Monday, September 27, 2010

Open Europe press summary: 27 September 2010


Handelsblatt: Eurozone rescue fund for Ireland was close to being activated
Handelsblatt notes that the ECB was close to calling for the activation of a eurozone rescue package for Ireland, amid mounting fears that the country's finances are on the brink of collapse. The article notes that the ECB asked several member states to set aside capital, but then called off the move at the last minute. Analysts at Société Générale have warned that the costs of the Irish governments' rescue of its banks could reach €30bn, which would increase the country's public debt to over 100% of GDP by 2015, reports the article. Foreign bank exposure to Ireland's economy is $844bn, or five times the value of Ireland's GDP or economic output. Of that, German and UK banks are Ireland's biggest creditors, with €206bn and €224bn of exposure respectively.

However, Goldman Sachs yesterday argued that "A repeat of the Greek debt turmoil in Ireland is very unlikely" noting that Irish banks can avert liquidity shortages by turning to the European Central Bank's (ECB) emergency lending operations, reports the Irish Independent. Also, the ECB can now buy European sovereign debt, unlike in April when the Greek crisis hit, and Ireland has access to the €440 bn rescue package established by eurozone leaders.

Meanwhile, a WSJ investigation based on interviews with officials from around the EU, notes that French Minister Christine Lagarde said that the eurozone was  "on the verge of breaking apart" in May this year as eurozone leaders were divided over the decision to create the Greek bailout fund.

EU finance ministers to discuss new budget rules including possible supervision of member states' public sector salaries
The task force on economic governance chaired by European Council President Herman Van Rompuy will meet today in Brussels to discuss the strengthening of rules on budget discipline and the introduction of sanctions for countries running excessive deficits, while the European Commission is set to come forward with its own proposals on Wednesday.

Under the Commission's proposal, member states running a public debt higher than 60% of GDP would be required to reduce their excess over this figure by a yearly 5% for the following three years, or face a fine. A qualified majority of member states within the Council would be needed to block a proposed fine from the Commission, instead of a qualified majority to approve it, as is currently the case. Handelsblatt also reports that Commissioner Rehn is considering the introduction of a new principle preventing member states from increasing their yearly public spending by an amount exceeding their GDP growth rate for the same year.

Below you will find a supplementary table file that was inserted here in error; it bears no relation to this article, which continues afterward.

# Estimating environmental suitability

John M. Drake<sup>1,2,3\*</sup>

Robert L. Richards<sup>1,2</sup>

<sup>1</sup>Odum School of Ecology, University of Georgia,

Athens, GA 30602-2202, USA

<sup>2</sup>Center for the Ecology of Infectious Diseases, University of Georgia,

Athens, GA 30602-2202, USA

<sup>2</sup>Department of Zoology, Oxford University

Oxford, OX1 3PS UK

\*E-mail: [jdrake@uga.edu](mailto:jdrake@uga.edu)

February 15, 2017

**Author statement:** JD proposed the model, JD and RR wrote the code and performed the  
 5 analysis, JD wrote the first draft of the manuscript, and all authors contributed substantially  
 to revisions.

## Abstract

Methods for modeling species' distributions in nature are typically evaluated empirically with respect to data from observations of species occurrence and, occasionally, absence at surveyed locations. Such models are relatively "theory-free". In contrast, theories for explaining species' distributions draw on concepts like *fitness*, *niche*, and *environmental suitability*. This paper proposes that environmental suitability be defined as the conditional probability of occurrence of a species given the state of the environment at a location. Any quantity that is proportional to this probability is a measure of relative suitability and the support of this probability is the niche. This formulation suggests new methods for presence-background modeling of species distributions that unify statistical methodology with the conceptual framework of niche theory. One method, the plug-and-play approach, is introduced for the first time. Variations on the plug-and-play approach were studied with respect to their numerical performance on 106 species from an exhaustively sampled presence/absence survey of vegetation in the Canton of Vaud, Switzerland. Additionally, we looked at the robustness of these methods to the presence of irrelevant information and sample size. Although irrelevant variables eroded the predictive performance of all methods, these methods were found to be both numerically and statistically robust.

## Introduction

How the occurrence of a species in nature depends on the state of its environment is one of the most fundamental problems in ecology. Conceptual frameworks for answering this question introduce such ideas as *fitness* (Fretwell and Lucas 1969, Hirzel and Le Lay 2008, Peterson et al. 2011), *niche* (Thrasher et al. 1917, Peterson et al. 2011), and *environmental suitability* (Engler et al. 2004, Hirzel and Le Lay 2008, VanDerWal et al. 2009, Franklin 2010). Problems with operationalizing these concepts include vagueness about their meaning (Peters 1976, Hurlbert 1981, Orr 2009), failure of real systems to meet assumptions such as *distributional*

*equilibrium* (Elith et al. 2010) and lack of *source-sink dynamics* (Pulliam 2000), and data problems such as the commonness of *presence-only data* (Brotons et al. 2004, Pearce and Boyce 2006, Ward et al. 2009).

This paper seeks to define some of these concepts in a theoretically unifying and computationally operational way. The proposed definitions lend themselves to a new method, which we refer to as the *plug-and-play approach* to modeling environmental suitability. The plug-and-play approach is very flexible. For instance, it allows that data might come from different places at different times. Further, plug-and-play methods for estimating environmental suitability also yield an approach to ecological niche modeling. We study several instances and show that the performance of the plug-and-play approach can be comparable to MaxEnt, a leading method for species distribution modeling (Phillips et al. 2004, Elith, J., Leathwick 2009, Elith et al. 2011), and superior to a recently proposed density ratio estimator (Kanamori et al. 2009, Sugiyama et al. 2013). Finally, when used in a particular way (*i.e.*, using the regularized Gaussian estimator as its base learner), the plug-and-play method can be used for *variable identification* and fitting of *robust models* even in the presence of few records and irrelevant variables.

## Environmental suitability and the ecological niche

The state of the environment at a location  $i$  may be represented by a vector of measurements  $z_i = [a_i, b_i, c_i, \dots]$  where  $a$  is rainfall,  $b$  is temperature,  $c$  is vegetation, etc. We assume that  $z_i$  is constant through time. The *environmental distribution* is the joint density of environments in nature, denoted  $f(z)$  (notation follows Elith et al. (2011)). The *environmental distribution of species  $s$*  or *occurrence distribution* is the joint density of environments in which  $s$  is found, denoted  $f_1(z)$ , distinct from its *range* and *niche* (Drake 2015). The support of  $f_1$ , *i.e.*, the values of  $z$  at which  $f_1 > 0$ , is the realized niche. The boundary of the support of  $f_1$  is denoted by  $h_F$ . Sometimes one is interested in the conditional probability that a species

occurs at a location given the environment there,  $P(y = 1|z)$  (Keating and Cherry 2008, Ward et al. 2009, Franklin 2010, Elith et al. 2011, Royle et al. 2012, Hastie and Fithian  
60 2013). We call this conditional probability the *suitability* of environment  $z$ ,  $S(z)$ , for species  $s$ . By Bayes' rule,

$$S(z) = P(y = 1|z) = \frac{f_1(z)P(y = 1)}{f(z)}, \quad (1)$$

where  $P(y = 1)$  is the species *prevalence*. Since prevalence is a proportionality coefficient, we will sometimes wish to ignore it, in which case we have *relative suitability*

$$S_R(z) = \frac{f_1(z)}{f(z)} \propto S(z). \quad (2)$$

Meanwhile, Die Welt reports that the Commission is also considering proposals for a "warning system" to monitor member states' wage policies as part of the strengthening of economic governance at the EU-level. Marco Buti from the European Commission for Economic and Financial Affairs is quoted saying, "when wages in the public sector damage competitiveness and price stability then the country will be requested to change this policy. And the wage development in the public sector does of course have a great influence on the private economy".

The FT reports that German Finance Minister Wolfgang Schäuble has written a letter to his European counterparts ahead of the task force meeting, insisting that, on top of the fines envisaged by Commissioner for Economic and Monetary Affairs Olli Rehn, he would like to see the EU's development and agriculture funding suspended for repeated violators of the new EU budget rules. Schäuble has also reiterated his idea of temporarily withdrawing voting rights within the Council of Ministers for countries failing to meet the new fiscal benchmarks. However, EUobserver reports that France and Italy are less keen on plans for greater "automaticity" of sanctions. Poland and some other Eastern member states could eventually support tougher sanctions, but only if the costs of reform of their pension systems were discounted from their deficits, according to Euractiv.

Lord Mandelson still receives £8,600 a month from the EU